1. Relevance and emotional appeal: They played songs that I knew, and more importantly, songs from my past that carried an emotional appeal. When they sang Queen’s Somebody to Love, I felt like I was in high school all over again.
    Implications for learning design: Make it relevant to the learners; tie to what they already know or have experienced, and ideally, tie to a past experience that has a positive emotional association for them. So, for example, if you’re launching a new initiative for an organization, try to relate that experience to a successful initiative from the past.
  2. Audience control: Through their requests, the audience determined what music was played.
    Implications for learning design: Allow the learner to control the environment. That’s easily done in a Web-based environment. For a classroom session, a show of hands can be used to let learners request what’s important to them. Or perhaps, you could use a flipchart as a request board.
  3. Audience Expression: The audience could express themselves not only through requests, but also by paying to have their messages written on the mirrors behind the pianos. These messages could be anything–a quote, a greeting, some teasing or taunting; one guy even advertised his accounting services. They changed throughout the night as people paid to have their messages featured.
    Implications for learning design: Let audience members express themselves during your training–perhaps using something like Twitter. Or you could have a flipchart up throughout a class where they can post comments when they see fit.
  4. Friendly Competition: They included some friendly competition, such as seeing who could sing louder–the men or the women.
    Implications for learning design: Use friendly competition to motivate people to try a little harder. For example, you could have teams compete to see which group can best summarize the key messages from the class.
  5. Surprises: There were lots of surprises. You weren’t sure what they were going to do next, so you stuck around to find out. They previewed these surprises a bit too, like TV shows do, so you’d stay a bit longer to see how things turned out.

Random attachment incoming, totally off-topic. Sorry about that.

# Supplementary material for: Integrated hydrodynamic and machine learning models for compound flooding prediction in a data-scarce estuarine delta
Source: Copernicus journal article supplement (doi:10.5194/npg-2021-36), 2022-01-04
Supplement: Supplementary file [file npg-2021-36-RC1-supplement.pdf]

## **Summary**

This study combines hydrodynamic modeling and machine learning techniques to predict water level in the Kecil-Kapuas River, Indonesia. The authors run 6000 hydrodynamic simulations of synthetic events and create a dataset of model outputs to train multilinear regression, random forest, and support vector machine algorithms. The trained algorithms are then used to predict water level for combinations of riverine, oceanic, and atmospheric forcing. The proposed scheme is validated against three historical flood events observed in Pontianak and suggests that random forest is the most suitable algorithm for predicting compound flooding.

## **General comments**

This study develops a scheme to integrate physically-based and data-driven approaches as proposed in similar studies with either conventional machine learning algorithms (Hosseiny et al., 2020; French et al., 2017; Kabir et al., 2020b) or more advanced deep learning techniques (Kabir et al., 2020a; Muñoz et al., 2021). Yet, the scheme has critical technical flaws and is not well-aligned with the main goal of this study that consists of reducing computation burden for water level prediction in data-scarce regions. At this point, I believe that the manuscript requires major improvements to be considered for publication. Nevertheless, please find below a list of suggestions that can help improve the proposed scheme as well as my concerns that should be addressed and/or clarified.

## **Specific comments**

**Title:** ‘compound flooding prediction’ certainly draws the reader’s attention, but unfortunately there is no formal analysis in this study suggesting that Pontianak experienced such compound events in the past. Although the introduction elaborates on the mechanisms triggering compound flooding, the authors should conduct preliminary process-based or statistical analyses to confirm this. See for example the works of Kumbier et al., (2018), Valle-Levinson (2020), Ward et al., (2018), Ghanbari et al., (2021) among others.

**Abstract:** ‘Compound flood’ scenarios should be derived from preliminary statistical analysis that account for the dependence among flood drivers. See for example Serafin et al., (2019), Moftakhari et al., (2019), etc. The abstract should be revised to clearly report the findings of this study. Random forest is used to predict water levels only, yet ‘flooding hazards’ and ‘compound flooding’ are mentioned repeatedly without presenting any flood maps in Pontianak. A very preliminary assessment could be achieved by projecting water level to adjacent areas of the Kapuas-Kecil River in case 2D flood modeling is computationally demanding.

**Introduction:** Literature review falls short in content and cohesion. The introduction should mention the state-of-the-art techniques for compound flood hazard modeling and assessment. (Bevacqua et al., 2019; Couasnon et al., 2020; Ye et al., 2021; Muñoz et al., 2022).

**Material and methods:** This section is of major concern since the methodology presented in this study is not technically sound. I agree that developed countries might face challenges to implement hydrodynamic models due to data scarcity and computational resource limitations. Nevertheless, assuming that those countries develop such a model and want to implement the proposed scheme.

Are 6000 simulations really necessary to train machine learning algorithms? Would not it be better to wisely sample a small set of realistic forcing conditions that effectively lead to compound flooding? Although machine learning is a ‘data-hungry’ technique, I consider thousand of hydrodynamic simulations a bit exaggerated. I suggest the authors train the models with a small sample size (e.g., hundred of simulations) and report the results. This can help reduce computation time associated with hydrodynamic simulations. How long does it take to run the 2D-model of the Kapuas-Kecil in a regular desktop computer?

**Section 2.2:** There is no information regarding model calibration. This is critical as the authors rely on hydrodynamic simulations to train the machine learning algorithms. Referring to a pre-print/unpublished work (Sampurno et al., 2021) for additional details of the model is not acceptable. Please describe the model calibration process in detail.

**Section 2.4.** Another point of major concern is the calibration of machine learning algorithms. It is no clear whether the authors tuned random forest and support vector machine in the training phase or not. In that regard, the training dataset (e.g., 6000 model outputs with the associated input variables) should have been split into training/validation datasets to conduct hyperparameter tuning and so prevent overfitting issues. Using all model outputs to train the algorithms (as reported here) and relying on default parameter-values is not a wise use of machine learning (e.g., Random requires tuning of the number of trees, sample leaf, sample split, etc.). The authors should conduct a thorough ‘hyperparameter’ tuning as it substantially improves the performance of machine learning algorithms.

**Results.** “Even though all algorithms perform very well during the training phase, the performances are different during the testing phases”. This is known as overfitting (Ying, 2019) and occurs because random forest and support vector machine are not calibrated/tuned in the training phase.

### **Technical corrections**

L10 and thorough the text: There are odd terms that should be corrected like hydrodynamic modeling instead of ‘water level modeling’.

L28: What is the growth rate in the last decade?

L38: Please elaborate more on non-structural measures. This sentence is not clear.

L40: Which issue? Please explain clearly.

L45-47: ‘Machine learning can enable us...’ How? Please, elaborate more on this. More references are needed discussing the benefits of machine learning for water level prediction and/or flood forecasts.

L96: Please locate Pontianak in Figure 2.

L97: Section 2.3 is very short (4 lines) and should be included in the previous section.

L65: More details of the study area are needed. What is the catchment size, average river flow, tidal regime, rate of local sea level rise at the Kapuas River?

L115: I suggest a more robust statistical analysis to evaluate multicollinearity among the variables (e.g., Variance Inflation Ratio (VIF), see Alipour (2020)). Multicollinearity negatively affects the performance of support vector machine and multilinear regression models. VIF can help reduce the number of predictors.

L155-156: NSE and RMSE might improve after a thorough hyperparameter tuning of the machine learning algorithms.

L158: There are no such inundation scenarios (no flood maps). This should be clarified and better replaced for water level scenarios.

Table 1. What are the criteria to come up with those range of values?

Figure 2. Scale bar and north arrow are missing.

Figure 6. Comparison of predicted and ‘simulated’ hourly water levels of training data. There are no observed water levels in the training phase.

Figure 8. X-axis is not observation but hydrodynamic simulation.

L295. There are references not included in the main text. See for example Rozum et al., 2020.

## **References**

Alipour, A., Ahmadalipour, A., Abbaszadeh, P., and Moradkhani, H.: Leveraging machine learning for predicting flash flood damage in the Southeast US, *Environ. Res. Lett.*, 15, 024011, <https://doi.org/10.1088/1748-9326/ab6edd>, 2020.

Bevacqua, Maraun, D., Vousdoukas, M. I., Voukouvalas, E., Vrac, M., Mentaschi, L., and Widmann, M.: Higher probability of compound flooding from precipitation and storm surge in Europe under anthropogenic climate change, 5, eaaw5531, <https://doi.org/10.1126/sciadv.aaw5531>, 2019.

Implications for learning design: Throw in some surprises. Sometimes we’re so focused on making things “user-friendly,” that we hold people’s hands too much. We take away the excitement that comes of figuring things out for yourself. Or we’re so consistent that we put learners to sleep. Every now and then we need to shake learners up so they wake up and learn.
  6. Easy to Participate: They made it easy to participate. You could tap your toes, clap your hands, sing along, send money in for requests. You never even had to leave your chair if you didn’t want to. Braver souls might stand up and dance. The really daring would go up on the stage to be picked on, while the rest of the audience enjoyed the hazing from afar.
    Implications for learning design: Give people a low threshold for interacting at first. Don’t expect them to jump in and start role-playing or ad-libbing at first. Build them up to those more interactive activities. Recognize that some people just don’t want to have the spotlight on them, and give them unobtrusive ways to participate.
  7. Changed Up the Leads: There were about 5 musicians–two playing piano, one playing guitar, one playing bass, and one playing drums. All 5 musicians could play all the instruments, so there was a lot of rotating. That provided a lot of variety in style and songs.
    Implications for learning design: Change up the people who are leading the learning experience. For a facilitated session, have different facilitators for different segments. For a Web-based course, use different narrators or different coach characters.
  8. Pacing: They kept the pace moving. There was never any down time, so we never had a chance to think, “Maybe I should leave now.” Instead, the next song would start playing, and we’d think, “Well, let’s just stay for this one more song.” Needless to say, that went on for many, many songs.
    Implications for learning design: Think carefully about the pacing of your course and how you can optimize that. Keep learners so engaged that they never have time to think about clicking off to something else. This means catching them right away with an intriguing idea and then giving them something they have to do to follow the path of that idea.
  9. Know Your Audience: They talked to us as if they knew us, and they did. Their comments, such as, “I bet you guys really want…” hit the mark pretty much every time.
    Implications for learning design: Know your audience, and be sure that they know you know them. There’s nothing so satisfying as feeling that someone understands you and knows what you need.